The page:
Users of ground water are typically interdependent in that withdrawals affect the conditions of water supply experienced by neighboring pumpers. In such cases all costs are not registered on the unit making the withdrawal decision, and the individual user of ground water is encouraged to withdraw water at a rate faster than is socially optimal. Previous attempts to consider the problem of the optimal rate of pumping over time from a ground‐water basin have used a simplified model for the ground‐water system that assumes that drawdowns in response to withdrawals are uniformly distributed through the basin. However, large differences in drawdown commonly occur in developing ground‐water systems. These differences throughout the basin lead to great variations in water costs and perhaps to localized economic and hydrologic failure. We have incorporated a more realistic ground‐water model into a simulation program representing a ground‐water basin system. The effects of two policy instruments, a use tax and a quota, were investigated for a hypothetical basin in an arid region in which irrigated farming was the principal economic activity. A policy of unrestricted use was compared with a policy of regulation for several alternative aquifer developments. Policies that reduced the rate of withdrawal increased the discounted net economic yield.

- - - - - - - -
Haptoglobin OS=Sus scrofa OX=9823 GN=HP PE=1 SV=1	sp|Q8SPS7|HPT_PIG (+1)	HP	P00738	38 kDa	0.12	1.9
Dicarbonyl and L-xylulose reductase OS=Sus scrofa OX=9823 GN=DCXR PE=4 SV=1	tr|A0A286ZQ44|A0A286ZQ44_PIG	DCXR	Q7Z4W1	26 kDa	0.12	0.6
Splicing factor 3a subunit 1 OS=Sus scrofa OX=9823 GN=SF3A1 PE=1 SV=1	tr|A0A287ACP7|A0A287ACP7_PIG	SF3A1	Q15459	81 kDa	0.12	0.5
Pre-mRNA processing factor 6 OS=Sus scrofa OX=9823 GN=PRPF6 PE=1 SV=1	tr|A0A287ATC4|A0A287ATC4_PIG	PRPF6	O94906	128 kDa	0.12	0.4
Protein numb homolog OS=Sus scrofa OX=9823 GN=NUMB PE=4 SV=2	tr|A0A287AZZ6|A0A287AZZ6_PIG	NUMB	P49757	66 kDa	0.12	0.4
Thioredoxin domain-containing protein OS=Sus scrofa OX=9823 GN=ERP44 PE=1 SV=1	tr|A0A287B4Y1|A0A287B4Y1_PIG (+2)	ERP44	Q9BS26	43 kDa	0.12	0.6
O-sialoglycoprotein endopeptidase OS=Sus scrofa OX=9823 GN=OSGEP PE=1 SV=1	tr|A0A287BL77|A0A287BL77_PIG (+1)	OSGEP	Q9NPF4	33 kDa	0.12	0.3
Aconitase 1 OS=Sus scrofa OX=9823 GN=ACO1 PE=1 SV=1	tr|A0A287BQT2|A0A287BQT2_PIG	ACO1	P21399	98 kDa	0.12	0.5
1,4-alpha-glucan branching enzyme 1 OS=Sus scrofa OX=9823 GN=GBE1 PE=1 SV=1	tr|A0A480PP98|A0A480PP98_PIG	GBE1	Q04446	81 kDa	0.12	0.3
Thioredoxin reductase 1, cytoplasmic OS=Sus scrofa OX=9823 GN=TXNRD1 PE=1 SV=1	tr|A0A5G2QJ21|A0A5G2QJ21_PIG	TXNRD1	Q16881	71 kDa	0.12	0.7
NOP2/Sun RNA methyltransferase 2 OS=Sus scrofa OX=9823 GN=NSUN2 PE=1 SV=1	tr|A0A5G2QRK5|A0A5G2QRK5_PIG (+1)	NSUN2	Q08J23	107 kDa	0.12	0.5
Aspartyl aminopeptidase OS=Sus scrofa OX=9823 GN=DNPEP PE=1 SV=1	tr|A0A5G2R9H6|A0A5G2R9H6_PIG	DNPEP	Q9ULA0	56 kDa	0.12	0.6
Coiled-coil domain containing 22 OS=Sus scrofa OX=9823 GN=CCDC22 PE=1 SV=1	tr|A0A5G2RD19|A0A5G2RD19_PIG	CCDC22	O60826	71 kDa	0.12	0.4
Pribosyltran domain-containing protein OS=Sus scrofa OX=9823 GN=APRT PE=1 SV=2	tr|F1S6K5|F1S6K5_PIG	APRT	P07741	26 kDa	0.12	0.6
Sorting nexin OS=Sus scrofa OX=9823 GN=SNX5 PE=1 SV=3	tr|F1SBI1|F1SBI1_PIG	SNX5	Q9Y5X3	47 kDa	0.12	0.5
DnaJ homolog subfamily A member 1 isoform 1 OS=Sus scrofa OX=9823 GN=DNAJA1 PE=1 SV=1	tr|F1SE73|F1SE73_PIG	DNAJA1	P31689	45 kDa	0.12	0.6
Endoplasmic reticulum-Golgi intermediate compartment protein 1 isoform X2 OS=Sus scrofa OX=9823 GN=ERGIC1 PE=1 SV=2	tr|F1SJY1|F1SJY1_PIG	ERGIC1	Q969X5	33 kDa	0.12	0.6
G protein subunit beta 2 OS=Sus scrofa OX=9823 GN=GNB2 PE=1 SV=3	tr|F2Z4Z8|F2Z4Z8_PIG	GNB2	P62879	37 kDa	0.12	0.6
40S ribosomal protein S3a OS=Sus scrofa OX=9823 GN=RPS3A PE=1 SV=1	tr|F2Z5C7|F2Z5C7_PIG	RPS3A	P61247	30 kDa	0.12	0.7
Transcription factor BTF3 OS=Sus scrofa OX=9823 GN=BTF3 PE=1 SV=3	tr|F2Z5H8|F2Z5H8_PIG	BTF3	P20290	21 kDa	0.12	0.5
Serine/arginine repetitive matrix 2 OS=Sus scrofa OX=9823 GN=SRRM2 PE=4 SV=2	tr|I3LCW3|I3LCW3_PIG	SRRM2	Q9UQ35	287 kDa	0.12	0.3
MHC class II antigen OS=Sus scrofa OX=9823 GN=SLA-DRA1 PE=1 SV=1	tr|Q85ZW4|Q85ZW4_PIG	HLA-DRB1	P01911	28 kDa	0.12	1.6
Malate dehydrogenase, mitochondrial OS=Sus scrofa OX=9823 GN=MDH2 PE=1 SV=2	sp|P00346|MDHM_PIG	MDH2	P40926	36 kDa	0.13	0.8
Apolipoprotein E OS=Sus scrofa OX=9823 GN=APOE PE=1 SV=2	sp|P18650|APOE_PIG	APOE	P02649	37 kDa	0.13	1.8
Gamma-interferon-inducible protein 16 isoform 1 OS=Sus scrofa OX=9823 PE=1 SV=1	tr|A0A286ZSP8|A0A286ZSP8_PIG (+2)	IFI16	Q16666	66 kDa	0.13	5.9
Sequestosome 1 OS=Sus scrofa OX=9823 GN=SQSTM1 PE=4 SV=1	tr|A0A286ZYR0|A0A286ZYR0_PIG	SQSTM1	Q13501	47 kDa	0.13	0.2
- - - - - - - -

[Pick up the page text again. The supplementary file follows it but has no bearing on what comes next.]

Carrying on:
Water Resources Research – Wiley
Published: Feb 1, 1970
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